Have you ever seen the “Heavy Metal Queen” episode of Cowboy Bebop? If you haven’t then you should, it’s one of the best episodes of one of the best shows ever made.
For those of you who have seen it here’s the elevator pitch for Rebel Galaxy: It’s Heavy Metal Queen meets Firefly meets Battlestar Galactica – with a vastly inferior story to all those properties and a single repetitive loop of game play. Complete mission, get credits, buy new ship, upgrade ship, get new missions, etc. If being in outer space with a big ass capital ship jumping in and out of warp and blowing up entire armadas tickles you right then you’ll probably dig on this.
For the rest of you still reading here’s the rundown:
Rebel Galaxy is an indie space sim action RPG by Double Damage Games in the same vein as Elite or Wing Commander: Privateer, but highly simplified and streamlined. At times to a fault.
You play as the recent inheritor of an outmoded, space-faring frigate bequeathed to you by your kick-ass aunt Juno who has recently gone missing. Along with the ship comes a mysterious artifact of unknown origin and a message for you to come and find her in an obscure corner of the galaxy. Soon you’re in it deep with a series of shady pirates and militia soldiers as you try to unravel the meaning of Juno’s artifact and make your mark on the obsidian monolith of galactic history.
It’s a simple enough setup that never outgrows its uncomplicated premise. There are a few decisions for you to make regarding your dealings with the various characters you encounter, but it all leads to an anticlimactic finish that feels more like the first chapter of a greater saga than a satisfying self-contained story. The main campaign is also inhibited by the game’s unnecessary sprawl as the 25 or so hours I spent on the main campaign could have been a much tighter 10 without all the grinding I did to keep up.
Grinding is kind of what Rebel Galaxy is about though. Double Damage Games is made up of some of the original team members from the likes of Diablo and Torchlight and as a result Rebel Galaxy plays like a loot-based dungeon crawler. The basic gameplay loop is a constant repetition of accepting missions within your comfort zone (low to high risk) posted on the board at local space stations then heading out on those missions, blowing some shit up, collecting a paycheck, and selling off any cargo you acquired so that you can buy new ships, weapons, defensive upgrades, and systems at those same space stations so you can to take on harder missions for higher pay. It’s essentially a loot treadmill that feeds directly in to the progression system. Money is your XP and your ship and systems are your skill tree. Simple, simple stuff.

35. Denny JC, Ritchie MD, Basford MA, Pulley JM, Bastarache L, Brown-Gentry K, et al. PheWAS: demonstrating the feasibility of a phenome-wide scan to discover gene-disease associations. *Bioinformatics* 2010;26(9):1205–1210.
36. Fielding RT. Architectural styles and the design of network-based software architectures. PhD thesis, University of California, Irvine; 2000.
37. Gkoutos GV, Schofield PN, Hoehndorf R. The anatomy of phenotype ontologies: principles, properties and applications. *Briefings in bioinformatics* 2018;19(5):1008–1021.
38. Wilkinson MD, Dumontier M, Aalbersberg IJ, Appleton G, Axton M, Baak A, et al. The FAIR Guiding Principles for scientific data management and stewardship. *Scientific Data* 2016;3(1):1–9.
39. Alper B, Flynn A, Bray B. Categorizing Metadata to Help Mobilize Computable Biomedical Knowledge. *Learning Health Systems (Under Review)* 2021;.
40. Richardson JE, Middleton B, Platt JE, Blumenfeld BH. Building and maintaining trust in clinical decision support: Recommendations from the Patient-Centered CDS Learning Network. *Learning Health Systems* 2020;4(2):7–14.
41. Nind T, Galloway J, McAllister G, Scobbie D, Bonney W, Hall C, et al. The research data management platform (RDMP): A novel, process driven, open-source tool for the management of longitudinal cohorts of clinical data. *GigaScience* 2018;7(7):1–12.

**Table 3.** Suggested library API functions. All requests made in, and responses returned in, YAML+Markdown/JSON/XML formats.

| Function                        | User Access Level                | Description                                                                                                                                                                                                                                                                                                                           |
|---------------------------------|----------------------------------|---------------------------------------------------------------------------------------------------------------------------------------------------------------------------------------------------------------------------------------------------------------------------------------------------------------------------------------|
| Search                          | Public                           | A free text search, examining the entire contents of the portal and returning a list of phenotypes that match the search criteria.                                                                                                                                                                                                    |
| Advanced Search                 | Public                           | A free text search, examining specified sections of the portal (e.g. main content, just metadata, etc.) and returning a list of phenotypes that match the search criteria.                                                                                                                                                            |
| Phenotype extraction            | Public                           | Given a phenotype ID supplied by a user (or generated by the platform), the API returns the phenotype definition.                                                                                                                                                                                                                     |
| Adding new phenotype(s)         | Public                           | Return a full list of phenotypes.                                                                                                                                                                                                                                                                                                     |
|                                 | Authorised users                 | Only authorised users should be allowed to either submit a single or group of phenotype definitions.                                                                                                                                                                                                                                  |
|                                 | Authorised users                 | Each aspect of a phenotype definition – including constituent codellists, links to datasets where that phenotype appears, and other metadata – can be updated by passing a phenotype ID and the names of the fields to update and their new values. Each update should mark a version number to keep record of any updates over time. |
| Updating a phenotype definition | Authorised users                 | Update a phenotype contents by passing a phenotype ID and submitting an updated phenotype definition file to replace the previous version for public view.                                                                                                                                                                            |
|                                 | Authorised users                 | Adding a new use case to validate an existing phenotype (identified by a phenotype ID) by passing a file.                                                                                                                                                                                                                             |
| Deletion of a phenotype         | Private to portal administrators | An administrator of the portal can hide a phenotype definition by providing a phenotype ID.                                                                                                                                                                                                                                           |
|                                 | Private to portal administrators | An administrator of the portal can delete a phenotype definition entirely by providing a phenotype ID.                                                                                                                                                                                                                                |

So simple, in fact, that the whole thing would fall apart if the combat wasn’t so gratifying. Rebel Galaxy eschews the dog fighting of its closest predecessors and instead goes with a unique system of broadside combat that sees you using massive particle weapons mounted on either side of your capital ship to unleash electric death on anything stupid enough to wander into your path. Your broadside cannons are supplemented by a secondary weapon port that can contain anything from defensive flak that blows missiles out of the sky, to a mine-layer that creates a DMZ no ship would dare to cross. Rounding this out are several turret mounts (the number increases with your ship’s class size) that give you fast offensive and defensive options or even a mining laser that will allow you to increase ore yields from asteroid belts. If that sounds like a lot to manage during a heated battle, it’s because it is. Just about every button on the controller is used and if you’re the kind of person that likes to micro-manage then flipping between turrets to maximise your tactical advantage can get a bit overwhelming. Not to mention the fact that the camera fights you the whole time, occasionally obscuring too much of the action behind your own ship. I found I was happiest sticking to my broadsides and secondaries and setting up the tactical AI to manage my turrets which can be told to target particular types of enemies.